Saturday, March 21, 2009

G/L Marriage

(The following are two opinions by bloggers at, reprinted for you for your consideration on the subject of G/L Marriage.)

A Pragmatic Argument for Approaching G/L Marriage By Emma Ruby-Sachs

There is a lot of time and money spent on defining the word marriage. Does it mean family? Procreation? Stability? Commitment? But in a legal sense, marriage is a basket of rights. Some of these rights are pretty mundane (like once you’re married you have the right to require your spouse to refrain from marrying anyone else without first getting a divorce), but others are significant (benefits, tax deductions, property rights etc.).

In the debate about Gay marriage, a lot of attention is paid to civil unions vs. marriage and, while I agree with Jenna that creating inequalities in law – even if the two terms fundamentally stand for the same thing – creates untenable violations of the rights of LGBT people, I am a pragmatist at heart.

In Canada, the fight for same-sex marriage was not won with a grand challenge and call for equality (although that was going on in the background with much help from civil society organizations). The first big Gay marriage win was a case about a woman whose partner, after years of living together, kicked her out of the matrimonial home, changed the locks and unilaterally took her name off their joint business. She went to the courts for the same divorce rights as her straight friends. And won. In that decision, no one mentioned “Gay marriage.”

Meanwhile, groups around the country, especially unions like the Canadian Auto Workers, were fighting for same-sex benefits at private employers. Soon, the courts were forced to determine that under the equality provisions, the word spouse (both common law and married) had to include same-sex couples.

That led to a debate about civil unions and, only after the government had supported a separate but equal regime, was there a decision requiring the same legal term for both straight and same-sex relationships.

What this history tells us is that these little battles that have been playing out in states across the country are important. And the battles we fight everyday to have employers recognize our relationships without a government mandate are also essential.

But no government, not even Obama, will leap into equality without being forced to do so. And while I believe in activism by the courts, maybe we all have to settle for a piecemeal struggle for the rights in the marriage basket. That is what the new DOMA challenge is about.

I am infuriated by calls for separate but equal and am frustrated by the inaction of the current administration. But that part of me that understands politics and history recognizes that rights may have to be won one by one before real equality can be achieved. ...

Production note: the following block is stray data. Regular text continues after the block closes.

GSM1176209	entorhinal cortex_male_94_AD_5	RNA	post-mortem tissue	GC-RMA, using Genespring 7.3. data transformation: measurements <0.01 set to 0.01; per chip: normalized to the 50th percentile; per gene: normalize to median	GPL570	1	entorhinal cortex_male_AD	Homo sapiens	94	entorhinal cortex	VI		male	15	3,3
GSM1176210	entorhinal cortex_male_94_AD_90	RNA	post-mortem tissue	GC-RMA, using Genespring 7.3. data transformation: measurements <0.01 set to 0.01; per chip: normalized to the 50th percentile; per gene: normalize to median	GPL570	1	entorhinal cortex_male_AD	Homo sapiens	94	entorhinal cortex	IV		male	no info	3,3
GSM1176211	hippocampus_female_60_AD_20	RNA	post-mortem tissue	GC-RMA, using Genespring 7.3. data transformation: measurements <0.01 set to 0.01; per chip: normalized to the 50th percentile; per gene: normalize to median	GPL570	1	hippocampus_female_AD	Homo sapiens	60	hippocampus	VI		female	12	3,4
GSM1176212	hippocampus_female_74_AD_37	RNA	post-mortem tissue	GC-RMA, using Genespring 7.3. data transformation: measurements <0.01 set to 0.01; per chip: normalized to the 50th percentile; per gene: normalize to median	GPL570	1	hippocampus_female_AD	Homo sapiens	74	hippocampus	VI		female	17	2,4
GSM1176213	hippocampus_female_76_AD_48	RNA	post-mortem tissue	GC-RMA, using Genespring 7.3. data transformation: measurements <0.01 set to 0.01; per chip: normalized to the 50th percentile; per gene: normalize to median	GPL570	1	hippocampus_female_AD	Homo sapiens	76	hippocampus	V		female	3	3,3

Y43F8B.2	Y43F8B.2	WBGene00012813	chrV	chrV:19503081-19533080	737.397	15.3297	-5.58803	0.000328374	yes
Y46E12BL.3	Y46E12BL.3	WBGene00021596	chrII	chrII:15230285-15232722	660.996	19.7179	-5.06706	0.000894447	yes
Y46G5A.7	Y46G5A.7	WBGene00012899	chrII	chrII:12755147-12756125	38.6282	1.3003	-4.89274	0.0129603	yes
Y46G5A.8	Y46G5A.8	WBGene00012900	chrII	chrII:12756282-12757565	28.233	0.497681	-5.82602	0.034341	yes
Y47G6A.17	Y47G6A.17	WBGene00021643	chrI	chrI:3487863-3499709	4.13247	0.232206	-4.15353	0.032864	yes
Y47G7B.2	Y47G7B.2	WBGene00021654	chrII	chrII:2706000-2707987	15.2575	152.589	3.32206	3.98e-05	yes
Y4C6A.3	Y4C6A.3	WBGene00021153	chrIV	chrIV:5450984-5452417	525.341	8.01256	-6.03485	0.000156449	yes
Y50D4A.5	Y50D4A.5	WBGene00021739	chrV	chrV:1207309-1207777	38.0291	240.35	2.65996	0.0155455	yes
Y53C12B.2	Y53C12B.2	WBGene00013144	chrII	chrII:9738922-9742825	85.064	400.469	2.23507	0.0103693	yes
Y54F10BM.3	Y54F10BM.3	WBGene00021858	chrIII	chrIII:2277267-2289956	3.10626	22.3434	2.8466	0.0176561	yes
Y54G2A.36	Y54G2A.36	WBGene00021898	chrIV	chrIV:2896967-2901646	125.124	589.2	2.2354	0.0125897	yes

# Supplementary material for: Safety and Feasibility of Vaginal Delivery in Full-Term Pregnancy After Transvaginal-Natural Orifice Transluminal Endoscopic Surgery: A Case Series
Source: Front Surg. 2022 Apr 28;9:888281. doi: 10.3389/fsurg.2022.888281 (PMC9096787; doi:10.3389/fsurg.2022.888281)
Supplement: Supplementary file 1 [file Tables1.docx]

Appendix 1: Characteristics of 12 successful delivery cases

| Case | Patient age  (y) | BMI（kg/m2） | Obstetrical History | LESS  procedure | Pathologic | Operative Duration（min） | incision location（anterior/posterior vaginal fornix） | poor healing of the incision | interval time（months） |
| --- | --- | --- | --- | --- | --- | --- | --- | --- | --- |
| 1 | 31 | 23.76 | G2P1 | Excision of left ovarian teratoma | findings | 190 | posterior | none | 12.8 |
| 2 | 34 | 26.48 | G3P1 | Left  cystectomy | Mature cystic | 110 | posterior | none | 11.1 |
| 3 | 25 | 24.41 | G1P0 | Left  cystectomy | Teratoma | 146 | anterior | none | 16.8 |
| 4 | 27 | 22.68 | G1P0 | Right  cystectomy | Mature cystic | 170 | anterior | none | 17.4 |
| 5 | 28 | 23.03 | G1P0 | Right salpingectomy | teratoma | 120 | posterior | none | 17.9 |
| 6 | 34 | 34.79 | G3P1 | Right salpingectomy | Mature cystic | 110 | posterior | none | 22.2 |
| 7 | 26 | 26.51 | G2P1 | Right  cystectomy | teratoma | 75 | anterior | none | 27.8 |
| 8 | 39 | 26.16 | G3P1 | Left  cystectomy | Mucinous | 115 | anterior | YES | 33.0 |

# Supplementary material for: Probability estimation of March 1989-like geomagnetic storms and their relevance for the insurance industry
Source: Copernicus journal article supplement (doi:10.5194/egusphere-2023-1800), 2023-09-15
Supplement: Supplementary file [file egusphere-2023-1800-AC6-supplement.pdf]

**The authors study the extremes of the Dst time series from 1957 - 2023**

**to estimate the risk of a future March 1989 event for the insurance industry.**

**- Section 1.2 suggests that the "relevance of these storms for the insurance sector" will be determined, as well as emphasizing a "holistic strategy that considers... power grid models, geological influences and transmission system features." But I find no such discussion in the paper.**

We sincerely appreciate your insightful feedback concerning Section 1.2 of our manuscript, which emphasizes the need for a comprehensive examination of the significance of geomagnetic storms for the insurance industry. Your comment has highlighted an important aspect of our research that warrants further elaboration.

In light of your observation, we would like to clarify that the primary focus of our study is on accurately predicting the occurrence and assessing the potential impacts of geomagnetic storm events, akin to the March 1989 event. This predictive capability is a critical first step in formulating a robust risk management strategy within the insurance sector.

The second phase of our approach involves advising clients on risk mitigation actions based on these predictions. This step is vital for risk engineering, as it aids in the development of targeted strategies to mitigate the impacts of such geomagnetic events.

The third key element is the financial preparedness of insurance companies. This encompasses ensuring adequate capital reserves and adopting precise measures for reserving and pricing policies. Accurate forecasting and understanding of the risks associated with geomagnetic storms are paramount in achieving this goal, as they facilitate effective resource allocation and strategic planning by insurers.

Is Separate Always Unequal? By James Withers

One of the things that irks in the marriage debate is how some Gay marriage advocates smooth out the edges in black history. In their desire for the grand prize of marriage as opposed to civil unions, people rightfully point to the fight against “separate but equal” (effectively killed by Brown v. Board of Education). All fair really but what is lost in the conversation when we don’t even acknowledge that the debate about “separate but equal” was messier than most realize? And would we change our tactics if we knew the father of the civil rights movement, W.E.B. DuBois, opined that voluntary segregation was no sin?

In David Levering Lewis’ biography, W.E.B. DuBois: The Fight for Equality and the American Century, there is the story behind DuBois’ infamous editorial called “Segregation.” Written when DuBois was fighting with the NAACP board (for his whole long life DuBois seemed to be in intellectual warfare with everyone), the essay sent shock waves in the NAACP community and beyond because DuBois seemed to be taking up an argument that was once put forth by his nemesis, Booker T. Washington.

“It must be remembered that in the last quarter of a century, the advance of the colored people has been mainly in the lines where they themselves working by and for themselves, have accomplished the greatest advance.”

Here was the leader of the race, when the phrase actually had meaning, extolling the virtue of segregation.

Why the early morning history lesson? Those who demand marriage rights always say that the benefits of the institution can be conferred with the name and civil unions are at best a poor substitute. But if the rights of marriage are transferred to civil unions, then what’s the problem? By pushing for marriage and marriage only, aren’t we boxing ourselves into a corner and making the fight for equality more complicated than it needs to be? And let’s be honest: vigorous demands for civil unions that match marriage in everything but name will earn a large number of straight doubters and put our enemies on the defensive.

Maybe the debate is over. It’s marriage or nothing, But if we can get marriage minus the word, what’s the problem?

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